Jesus utterly disagrees with this. He says that God’s kingdom had come to earth, but it would be a time of healing and forgiveness. He said that his kingdom would start out small like a mustard seed, but would grow as people would accept Christ and enthrone God as their King. In Jesus’ understanding, a person was brought into the kingdom of God when the person decided to accept God as his King, and it is something that happens in a person’s heart, not a political movement or visible display of God’s power. His idea was very close to that of other rabbis who said that when a person committed himself daily to love God with all of his heart, soul, mind and strength, that he had “received upon himself the kingdom of heaven.” This kingdom would be invisible, like leaven that some how works its way through bread to make it rise. We can hear this in this conversation:

Now having been questioned by the Pharisees as to when the kingdom of God was coming, He answered them and said, “The kingdom of God is not coming with signs to be observed; nor will they say, ‘Look, here it is!’ or, ‘There it is!’ For behold, the kingdom of God is in your midst.” (Luke 17:20 – 21)

Jesus is saying through this that he was the Messiah, and he truly had brought God’s kingdom to earth. But it would be a very different kind of kingdom because it would grow through forgiveness of sin rather than judgment. It was good news to the sinners who knew that if God came in judgment, they would be the ones to be judged!

Also, because the kingdom was growing slowly by God’s mercy toward sinners, it would be like like wheat that grows up among “tares,” or weeds (Matt 13:24-30), representing evil. When the tares were found growing in the field, instead of pulling them out, the farmer waited until the end. The farmer was merciful, preferring to leave the weeds alone in his desire not to harm the wheat. Once again, this contrasts with John’s saying that the Messiah would come to winnow — meaning to separate the wheat from the chaff, or good from evil, for destruction. Again, Jesus is saying that God’s kingdom had truly come to the earth, but evil would not be ended, so it would not be a kind of utopia. Rather, it would grow in the midst of evil because of God’s mercy, so that there was still hope for the enemies if they chose to repent and enter.

If we have this understanding, many of Jesus’ sayings make more sense. His kingdom is made up of the poor in spirit, those who know they are guilty of sin, who come to God for forgiveness. The tax collectors and prostitutes were the first to enter Jesus’ kingdom of mercy, and the last were the outwardly religious who really were hoping for God to judge their enemies. The merciful, who do not want to see God’s judgment come on others, are shown mercy themselves. One day, the kingdom would come in power when Jesus returns to judge, but he would wait as long as possible to allow as many to enter as can.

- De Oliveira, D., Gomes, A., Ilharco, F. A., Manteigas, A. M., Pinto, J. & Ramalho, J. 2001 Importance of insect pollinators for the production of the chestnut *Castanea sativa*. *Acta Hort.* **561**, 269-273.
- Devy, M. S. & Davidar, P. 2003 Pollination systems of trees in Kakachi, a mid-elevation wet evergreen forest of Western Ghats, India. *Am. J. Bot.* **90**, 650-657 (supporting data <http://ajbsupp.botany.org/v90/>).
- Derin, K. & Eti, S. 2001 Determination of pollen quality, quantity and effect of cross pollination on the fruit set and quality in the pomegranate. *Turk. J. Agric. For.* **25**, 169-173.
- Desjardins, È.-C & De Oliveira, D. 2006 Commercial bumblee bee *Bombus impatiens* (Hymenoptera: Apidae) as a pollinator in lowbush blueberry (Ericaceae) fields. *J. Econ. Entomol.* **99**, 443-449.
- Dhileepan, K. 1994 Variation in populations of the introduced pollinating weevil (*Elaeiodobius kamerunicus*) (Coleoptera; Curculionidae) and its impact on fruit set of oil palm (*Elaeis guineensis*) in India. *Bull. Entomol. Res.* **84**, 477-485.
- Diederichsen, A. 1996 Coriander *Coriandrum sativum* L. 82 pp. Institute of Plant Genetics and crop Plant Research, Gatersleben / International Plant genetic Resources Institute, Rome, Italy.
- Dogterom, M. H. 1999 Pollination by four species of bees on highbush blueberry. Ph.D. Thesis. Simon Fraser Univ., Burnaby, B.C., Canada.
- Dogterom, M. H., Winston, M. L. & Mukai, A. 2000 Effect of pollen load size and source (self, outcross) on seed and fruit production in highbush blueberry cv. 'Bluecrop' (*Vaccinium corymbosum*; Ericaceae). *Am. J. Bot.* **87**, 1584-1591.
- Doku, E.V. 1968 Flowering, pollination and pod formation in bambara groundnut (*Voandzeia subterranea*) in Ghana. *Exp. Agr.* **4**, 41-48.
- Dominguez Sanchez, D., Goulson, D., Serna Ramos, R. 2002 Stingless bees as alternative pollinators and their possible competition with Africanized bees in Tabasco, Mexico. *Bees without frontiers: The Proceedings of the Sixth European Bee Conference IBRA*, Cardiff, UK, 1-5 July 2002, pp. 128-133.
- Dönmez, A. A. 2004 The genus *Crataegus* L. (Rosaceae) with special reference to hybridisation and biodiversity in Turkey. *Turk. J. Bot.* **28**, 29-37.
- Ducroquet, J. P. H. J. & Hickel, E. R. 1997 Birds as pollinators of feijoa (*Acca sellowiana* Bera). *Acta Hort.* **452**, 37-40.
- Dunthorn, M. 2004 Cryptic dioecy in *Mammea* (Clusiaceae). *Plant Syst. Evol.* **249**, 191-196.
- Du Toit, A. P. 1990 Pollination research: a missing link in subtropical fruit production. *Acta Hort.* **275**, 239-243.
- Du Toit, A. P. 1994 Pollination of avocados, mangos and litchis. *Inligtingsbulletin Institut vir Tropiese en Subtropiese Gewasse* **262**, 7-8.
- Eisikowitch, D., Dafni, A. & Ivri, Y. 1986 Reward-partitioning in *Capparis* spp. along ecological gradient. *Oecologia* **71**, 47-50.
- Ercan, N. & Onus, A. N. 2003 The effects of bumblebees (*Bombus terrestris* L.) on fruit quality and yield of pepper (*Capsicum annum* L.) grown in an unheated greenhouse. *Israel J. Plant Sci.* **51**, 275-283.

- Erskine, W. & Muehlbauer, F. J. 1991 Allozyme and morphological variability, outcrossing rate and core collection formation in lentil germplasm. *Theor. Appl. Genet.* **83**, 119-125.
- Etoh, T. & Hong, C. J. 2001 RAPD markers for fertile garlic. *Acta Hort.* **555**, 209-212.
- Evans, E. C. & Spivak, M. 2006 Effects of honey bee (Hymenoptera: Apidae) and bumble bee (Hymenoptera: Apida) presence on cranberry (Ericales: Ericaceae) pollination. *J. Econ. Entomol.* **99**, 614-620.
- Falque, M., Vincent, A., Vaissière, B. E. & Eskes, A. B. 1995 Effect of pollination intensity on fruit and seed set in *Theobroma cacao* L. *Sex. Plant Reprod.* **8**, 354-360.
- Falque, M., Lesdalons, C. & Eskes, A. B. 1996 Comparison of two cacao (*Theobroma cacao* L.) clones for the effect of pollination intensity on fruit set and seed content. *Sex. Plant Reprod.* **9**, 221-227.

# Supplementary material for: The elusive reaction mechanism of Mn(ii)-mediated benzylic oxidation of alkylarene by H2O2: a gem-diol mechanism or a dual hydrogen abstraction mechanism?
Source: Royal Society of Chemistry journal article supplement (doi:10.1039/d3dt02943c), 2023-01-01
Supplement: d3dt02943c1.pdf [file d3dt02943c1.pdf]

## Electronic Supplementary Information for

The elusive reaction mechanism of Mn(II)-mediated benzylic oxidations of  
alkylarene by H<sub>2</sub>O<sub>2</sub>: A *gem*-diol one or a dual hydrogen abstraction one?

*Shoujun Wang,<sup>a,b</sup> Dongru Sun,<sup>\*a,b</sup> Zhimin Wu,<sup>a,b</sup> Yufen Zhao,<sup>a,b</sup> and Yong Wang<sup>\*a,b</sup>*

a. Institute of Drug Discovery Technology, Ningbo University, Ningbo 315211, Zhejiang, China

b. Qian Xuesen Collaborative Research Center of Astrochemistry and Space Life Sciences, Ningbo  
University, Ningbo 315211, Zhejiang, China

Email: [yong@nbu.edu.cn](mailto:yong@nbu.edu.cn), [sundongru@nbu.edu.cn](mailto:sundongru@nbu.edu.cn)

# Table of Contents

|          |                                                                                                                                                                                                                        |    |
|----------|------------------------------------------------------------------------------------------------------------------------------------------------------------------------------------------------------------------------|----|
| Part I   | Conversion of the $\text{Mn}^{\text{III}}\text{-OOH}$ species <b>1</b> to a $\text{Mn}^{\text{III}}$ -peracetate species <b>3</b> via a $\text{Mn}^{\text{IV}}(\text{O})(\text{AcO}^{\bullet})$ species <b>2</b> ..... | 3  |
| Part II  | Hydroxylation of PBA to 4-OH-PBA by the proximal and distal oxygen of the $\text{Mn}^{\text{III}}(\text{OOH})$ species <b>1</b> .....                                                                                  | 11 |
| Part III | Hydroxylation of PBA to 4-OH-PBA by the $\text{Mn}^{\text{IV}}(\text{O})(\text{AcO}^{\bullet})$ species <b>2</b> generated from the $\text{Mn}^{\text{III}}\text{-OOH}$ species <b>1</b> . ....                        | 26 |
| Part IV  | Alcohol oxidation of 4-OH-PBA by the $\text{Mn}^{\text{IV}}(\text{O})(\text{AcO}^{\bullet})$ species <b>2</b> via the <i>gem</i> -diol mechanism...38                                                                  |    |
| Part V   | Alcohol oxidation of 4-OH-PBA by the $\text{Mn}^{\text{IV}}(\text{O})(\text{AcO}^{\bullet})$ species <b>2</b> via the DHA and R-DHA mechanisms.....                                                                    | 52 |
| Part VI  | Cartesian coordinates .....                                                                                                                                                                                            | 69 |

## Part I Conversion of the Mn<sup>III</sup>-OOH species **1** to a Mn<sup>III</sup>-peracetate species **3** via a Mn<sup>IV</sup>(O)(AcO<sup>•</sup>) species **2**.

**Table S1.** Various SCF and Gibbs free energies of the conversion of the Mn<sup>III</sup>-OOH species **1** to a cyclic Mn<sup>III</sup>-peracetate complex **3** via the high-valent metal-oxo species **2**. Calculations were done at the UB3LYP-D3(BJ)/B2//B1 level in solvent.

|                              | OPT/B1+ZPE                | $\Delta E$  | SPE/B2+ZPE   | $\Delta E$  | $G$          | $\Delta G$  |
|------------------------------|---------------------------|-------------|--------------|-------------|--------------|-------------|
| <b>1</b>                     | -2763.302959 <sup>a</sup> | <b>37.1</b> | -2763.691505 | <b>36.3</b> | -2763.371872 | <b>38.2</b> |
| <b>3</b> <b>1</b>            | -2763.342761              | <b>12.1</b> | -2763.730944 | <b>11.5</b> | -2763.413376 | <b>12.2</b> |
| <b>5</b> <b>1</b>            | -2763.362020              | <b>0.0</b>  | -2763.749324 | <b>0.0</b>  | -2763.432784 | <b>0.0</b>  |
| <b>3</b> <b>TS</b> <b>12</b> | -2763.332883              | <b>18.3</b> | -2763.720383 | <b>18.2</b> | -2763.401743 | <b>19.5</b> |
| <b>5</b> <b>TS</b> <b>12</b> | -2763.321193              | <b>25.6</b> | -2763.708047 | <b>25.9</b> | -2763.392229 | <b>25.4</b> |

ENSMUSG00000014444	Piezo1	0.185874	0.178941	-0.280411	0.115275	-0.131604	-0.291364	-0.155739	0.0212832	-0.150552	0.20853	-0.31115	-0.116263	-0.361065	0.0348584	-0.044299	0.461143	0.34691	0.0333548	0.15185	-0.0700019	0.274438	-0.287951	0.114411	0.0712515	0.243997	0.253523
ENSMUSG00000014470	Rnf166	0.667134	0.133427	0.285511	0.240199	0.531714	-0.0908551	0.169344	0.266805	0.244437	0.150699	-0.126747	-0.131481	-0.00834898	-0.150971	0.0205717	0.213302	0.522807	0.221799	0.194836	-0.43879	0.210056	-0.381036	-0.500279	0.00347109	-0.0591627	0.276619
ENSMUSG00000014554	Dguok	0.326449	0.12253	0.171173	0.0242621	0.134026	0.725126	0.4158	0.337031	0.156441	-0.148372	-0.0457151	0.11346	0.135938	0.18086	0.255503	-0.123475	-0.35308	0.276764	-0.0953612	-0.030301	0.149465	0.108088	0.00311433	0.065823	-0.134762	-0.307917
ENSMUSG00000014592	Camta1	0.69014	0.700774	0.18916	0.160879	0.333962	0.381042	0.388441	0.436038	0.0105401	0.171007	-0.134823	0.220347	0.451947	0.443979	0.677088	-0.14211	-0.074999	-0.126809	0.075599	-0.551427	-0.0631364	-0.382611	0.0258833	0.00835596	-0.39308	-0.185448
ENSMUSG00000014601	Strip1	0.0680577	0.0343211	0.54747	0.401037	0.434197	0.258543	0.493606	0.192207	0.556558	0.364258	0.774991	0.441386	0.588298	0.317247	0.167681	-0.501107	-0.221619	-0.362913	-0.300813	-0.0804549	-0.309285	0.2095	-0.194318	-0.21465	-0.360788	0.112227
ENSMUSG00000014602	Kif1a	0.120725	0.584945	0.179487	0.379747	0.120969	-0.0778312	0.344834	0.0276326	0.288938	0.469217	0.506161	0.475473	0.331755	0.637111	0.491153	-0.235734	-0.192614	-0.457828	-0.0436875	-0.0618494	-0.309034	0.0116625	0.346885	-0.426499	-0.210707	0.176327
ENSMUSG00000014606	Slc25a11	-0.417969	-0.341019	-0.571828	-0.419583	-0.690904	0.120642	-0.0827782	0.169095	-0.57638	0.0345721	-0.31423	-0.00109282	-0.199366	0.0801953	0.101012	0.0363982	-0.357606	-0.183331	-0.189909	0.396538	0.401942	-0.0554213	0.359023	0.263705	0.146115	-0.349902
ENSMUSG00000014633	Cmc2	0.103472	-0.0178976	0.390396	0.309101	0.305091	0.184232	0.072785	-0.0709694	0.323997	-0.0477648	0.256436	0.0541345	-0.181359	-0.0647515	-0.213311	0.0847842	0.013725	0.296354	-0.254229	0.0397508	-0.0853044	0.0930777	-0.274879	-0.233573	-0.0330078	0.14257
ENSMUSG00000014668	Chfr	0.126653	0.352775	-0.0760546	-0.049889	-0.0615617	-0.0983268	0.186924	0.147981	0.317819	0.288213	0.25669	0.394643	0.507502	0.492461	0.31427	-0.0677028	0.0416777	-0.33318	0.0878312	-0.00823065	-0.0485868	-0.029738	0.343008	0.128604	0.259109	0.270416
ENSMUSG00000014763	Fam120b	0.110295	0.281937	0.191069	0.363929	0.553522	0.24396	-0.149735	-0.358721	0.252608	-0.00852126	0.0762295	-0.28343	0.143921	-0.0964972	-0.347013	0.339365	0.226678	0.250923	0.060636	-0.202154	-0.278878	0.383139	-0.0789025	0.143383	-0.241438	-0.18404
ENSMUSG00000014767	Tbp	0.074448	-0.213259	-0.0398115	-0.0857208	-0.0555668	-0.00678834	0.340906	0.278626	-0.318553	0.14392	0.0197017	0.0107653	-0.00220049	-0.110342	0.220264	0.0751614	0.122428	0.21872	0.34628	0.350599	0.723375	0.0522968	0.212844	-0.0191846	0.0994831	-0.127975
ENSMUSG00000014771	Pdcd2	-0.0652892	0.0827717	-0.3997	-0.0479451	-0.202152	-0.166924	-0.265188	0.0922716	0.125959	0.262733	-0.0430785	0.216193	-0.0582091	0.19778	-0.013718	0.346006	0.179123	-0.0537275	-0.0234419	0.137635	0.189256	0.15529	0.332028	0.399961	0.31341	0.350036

Wheat field chaff

Jesus’ picture of the kingdom of God gives us a profoundly different understanding of God’s character. It shows that God is, at his very heart, merciful and wanting no one to perish. He teaches us to love our enemies, because he himself is merciful toward his enemies, giving them time to change their ways. It is easy to see what our response must be to Jesus’ message. We must examine ourselves, know that no one is righteous in the eyes of God, and repent and receive God as our King. Only because the Messianic King came to die to establish his Kingdom, rather than to kill his enemies, can we, his former enemies become members of his Kingdom and children of his Father.

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SittingTo explore this topic more, see chapter 12, “Jesus and the Torah” in Sitting at the Feet of Rabbi Jesus, Zondervan, 2009, p. 163-179.

 

Photos: Johannes Plenio on Unsplash, Annie Spratt on UnsplashDavid Köhler on Unsplash, Johannes Plenio on Unsplash

Loving Your Neighbor, Who is Like You

The first of the two great commandments, according to Jesus, is to love the Lord your God with all of your heart, soul and strength. A second one is like it — to love your neighbor as yourself (Matt 22:35-37). The overwhelming importance of this command is echoed in the rest of the New Testament. Peter says “above all, love one another” (1 Peter 4:8), and in the letters of John, that “this was the teaching you have heard from the very beginning – to love one another” (1 John 3:11).

While the incredible richness of the words “love your neighbor as yourself” is already apparent to us, hearing more about Jesus’ words in their Jewish context will deepen our understanding of this saying and link it to his other teachings.

The Link between Loving God and Your NeighborNeighborhood

Just as the first of the two great commandments, to love the Lord, originates in the Old Testament (Deut. 6:5), the command to “love your neighbor” comes from there too. In Leviticus 19:18 it says,

You shall not take vengeance, nor bear any grudge against the sons of your people, but you shall love your neighbor as yourself; I am the LORD.